The man who sowed the seed of republican Nepal, albeit through violent means, is no more. Ram Raja Prasad Singh, the person who started the revolt against Nepal’s feudal monarchy, passed away on Wednesday at the age of 77. While Singh’s demise has saddened those who have fought for the establishment of republic by overthrowing monarchy, a section of the society has raised questions over Singh’s hand 1985 bombings in Kathmandu that killed eight innocent people.
Though we are certainly not in favor of violence to achieve political goals, the late revolutionary leader’s contribution to the cause of republican Nepal cannot be overlooked either. One cannot deny that Singh influenced a large number of people who followed on his footsteps to fight against the feudal, autocratic system. Following the decade-long armed struggle by the Maoists and continued efforts of Nepali Congress and CPN-UML, Nepal today stands in the comity of nations as the newest republic. Millions fought against the system that was not theirs and proved that they can decide their own future.
Following the 12-point understanding between the Maoists and the then Seven-Party Alliance in November 25, 2005, people’s movement took to a decisive turn in April 2006 forcing the then King Gyanendra to reinstate the dissolved parliament. After being postponed several times, the parties finally managed to hold the election of the Constituent Assembly in April 2008. The CA, during its very first meeting, voted overwhelmingly to abolish the 240-year-old Hindu monarchy, declared Nepal a federal democratic republic and elected Ram Baran Yadav as the country’s first president.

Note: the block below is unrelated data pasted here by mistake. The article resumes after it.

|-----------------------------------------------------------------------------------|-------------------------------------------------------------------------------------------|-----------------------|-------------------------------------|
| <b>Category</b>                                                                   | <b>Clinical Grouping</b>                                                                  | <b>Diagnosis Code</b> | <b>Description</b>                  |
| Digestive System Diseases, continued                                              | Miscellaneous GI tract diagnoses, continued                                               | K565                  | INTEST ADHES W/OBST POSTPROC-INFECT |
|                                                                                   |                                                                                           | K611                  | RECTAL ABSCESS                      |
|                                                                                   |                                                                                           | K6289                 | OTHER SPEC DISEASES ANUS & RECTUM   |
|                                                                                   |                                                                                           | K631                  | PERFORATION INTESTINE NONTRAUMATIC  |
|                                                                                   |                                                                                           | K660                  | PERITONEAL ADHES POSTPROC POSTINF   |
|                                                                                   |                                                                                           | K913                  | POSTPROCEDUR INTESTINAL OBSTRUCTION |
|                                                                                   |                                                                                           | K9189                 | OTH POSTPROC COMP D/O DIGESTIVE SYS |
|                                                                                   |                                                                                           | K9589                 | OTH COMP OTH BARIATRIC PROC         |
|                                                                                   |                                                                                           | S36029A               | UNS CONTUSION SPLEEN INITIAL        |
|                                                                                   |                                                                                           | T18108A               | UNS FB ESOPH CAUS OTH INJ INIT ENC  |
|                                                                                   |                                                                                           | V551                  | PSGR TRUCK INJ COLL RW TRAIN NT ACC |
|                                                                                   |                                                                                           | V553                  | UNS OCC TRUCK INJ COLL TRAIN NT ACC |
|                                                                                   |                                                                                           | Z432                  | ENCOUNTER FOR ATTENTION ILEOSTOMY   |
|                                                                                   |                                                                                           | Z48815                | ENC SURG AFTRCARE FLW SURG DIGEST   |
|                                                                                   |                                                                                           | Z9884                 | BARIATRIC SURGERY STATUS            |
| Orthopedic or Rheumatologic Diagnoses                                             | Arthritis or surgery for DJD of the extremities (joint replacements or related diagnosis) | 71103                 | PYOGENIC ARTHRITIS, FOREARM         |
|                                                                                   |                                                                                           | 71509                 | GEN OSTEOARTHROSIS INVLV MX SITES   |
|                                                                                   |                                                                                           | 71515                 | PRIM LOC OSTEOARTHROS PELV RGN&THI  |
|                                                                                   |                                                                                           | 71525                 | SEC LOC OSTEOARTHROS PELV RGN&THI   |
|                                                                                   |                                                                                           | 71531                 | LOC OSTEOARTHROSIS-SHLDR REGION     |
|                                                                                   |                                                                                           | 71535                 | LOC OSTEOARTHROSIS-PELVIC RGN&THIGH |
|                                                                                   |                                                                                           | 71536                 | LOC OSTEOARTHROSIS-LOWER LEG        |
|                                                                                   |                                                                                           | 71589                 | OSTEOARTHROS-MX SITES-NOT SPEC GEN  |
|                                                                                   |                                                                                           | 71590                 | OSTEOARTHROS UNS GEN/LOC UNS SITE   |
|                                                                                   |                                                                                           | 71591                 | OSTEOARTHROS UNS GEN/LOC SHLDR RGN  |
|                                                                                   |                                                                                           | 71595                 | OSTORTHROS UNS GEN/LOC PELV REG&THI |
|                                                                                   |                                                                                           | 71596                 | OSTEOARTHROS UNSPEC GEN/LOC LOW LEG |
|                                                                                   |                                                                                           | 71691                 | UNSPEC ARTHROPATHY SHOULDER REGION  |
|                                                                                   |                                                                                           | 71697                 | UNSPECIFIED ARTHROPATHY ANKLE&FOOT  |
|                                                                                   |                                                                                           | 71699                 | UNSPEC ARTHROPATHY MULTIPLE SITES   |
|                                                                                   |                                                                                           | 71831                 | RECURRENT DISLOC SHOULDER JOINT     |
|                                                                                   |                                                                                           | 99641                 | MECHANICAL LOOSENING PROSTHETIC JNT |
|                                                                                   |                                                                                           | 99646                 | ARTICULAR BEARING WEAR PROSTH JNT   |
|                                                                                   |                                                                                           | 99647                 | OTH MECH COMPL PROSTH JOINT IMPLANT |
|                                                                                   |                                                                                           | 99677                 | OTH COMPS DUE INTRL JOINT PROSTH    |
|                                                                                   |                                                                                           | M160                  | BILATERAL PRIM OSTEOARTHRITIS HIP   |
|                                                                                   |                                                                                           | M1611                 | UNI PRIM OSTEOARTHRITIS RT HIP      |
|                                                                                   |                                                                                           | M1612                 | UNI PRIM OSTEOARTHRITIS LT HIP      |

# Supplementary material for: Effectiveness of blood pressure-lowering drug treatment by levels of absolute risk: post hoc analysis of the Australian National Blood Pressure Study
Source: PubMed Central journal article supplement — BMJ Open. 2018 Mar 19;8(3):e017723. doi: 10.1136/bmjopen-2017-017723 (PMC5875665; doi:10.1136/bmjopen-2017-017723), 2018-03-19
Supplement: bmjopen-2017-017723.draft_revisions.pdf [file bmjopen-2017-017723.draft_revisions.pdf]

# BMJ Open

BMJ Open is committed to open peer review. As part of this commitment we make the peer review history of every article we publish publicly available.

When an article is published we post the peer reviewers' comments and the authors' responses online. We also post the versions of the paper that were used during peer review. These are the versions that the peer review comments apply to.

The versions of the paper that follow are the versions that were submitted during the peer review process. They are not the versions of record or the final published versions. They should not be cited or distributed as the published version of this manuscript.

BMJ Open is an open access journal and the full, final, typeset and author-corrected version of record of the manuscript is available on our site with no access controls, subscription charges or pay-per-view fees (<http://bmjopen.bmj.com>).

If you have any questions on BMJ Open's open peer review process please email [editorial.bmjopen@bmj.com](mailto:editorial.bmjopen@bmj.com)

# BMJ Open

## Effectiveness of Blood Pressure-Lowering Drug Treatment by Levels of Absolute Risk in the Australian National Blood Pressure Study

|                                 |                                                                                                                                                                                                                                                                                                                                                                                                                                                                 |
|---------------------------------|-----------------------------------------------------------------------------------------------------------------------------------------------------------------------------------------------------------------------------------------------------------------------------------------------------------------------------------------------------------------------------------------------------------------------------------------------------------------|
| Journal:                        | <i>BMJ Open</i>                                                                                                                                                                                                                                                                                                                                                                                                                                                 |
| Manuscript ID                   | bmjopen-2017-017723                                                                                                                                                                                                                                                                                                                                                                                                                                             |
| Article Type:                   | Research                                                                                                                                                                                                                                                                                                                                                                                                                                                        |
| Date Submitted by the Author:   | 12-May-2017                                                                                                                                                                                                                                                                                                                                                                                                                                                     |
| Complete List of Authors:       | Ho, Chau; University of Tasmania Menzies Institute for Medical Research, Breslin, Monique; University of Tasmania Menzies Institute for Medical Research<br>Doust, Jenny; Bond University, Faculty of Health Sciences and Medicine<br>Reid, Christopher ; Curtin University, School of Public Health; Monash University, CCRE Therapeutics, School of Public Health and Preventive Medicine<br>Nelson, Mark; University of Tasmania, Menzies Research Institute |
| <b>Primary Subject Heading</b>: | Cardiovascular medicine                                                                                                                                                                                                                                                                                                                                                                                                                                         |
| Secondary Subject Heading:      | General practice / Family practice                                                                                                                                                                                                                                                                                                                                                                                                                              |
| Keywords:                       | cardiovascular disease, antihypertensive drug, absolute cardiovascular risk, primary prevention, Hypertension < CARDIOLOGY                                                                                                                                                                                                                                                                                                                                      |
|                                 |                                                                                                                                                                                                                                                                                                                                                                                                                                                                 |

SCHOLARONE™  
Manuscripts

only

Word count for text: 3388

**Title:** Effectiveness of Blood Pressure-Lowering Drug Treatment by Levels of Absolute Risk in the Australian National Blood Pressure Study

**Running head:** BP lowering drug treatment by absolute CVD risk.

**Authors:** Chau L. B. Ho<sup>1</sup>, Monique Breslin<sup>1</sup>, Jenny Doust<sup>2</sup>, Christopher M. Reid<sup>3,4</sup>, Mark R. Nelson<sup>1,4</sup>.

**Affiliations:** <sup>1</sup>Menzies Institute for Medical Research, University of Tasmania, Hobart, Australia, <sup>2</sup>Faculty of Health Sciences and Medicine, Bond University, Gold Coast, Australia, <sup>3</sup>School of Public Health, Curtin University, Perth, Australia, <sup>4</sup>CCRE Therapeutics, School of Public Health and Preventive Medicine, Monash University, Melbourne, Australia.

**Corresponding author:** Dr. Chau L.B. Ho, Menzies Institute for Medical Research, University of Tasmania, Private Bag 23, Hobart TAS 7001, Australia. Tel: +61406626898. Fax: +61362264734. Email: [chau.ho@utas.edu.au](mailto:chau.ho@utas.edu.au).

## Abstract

The events that unfolded after this, however, were not satisfactory. The conflict that began after the president’s refusal to sack the then army chief on the recommendation of prime minister Pushpa Kamal Dahal led to a chain of events which threatened the achievements of the people’s movement. People’s hope was dashed, as their dream of a new constitution never materialized. Instead of cashing in on the people’s mandate and fulfilling their aspirations, the parties and their leaders busied themselves in power struggle, putting their petty interests above the national interests. Even as the nation saw four prime ministers in as many years, none proved capable of rising to the occasion. The task of changing the age-old feudal society and restructuring the traditional model of governance is undoubtedly big. It is definitely not easy to overcome the hurdles arising in these testing times. The onus lies on political leaders. People fought against the monarchy to set up a republican Nepal, not to see them gradually reverse their achievements.
As we mourn the demise of one of the key proponents of republican Nepal, we call upon political leaders to ask themselves: Have they been up to their task? People gave the parties the mandate to complete the peace and constitution-making process in order to guarantee their basic rights, to abolish the practices of discrimination based on caste, ethnicity, gender, region and religion, and to restructure the state to ensure equal participation of all and devolution of power. Consolidating the historic achievements of the last six years on the way to establishment of a federal, democratic republic will be the ultimate tribute to late Singh